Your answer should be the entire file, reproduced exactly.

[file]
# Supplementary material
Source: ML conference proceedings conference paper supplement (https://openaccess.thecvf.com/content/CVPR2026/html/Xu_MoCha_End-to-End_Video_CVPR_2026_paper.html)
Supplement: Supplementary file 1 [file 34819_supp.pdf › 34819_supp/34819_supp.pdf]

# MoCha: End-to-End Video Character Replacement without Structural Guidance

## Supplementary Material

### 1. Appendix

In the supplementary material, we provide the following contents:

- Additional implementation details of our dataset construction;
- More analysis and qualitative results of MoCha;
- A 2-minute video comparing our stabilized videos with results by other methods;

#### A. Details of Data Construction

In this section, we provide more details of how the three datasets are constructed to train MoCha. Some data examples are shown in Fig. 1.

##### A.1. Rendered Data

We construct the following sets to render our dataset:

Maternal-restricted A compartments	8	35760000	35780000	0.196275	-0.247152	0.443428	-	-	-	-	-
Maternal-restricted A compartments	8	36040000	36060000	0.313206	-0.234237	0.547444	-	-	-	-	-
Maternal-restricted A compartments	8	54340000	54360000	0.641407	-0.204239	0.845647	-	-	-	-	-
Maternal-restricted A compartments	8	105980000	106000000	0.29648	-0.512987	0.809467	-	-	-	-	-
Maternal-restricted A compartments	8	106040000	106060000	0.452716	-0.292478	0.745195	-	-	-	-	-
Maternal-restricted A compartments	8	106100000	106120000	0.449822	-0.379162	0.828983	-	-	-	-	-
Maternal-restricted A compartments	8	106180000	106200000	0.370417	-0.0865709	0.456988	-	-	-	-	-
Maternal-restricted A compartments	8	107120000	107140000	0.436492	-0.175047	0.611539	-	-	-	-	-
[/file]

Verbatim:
# Supplementary material
Source: ML conference proceedings conference paper supplement (https://openaccess.thecvf.com/content/CVPR2026/html/Xu_MoCha_End-to-End_Video_CVPR_2026_paper.html)
Supplement: Supplementary file 1 [file 34819_supp.pdf › 34819_supp/34819_supp.pdf]

# MoCha: End-to-End Video Character Replacement without Structural Guidance

## Supplementary Material

### 1. Appendix

In the supplementary material, we provide the following contents:

- Additional implementation details of our dataset construction;
- More analysis and qualitative results of MoCha;
- A 2-minute video comparing our stabilized videos with results by other methods;

#### A. Details of Data Construction

In this section, we provide more details of how the three datasets are constructed to train MoCha. Some data examples are shown in Fig. 1.

##### A.1. Rendered Data

We construct the following sets to render our dataset:

Maternal-restricted A compartments	8	35760000	35780000	0.196275	-0.247152	0.443428	-	-	-	-	-
Maternal-restricted A compartments	8	36040000	36060000	0.313206	-0.234237	0.547444	-	-	-	-	-
Maternal-restricted A compartments	8	54340000	54360000	0.641407	-0.204239	0.845647	-	-	-	-	-
Maternal-restricted A compartments	8	105980000	106000000	0.29648	-0.512987	0.809467	-	-	-	-	-
Maternal-restricted A compartments	8	106040000	106060000	0.452716	-0.292478	0.745195	-	-	-	-	-
Maternal-restricted A compartments	8	106100000	106120000	0.449822	-0.379162	0.828983	-	-	-	-	-
Maternal-restricted A compartments	8	106180000	106200000	0.370417	-0.0865709	0.456988	-	-	-	-	-
Maternal-restricted A compartments	8	107120000	107140000	0.436492	-0.175047	0.611539	-	-	-	-	-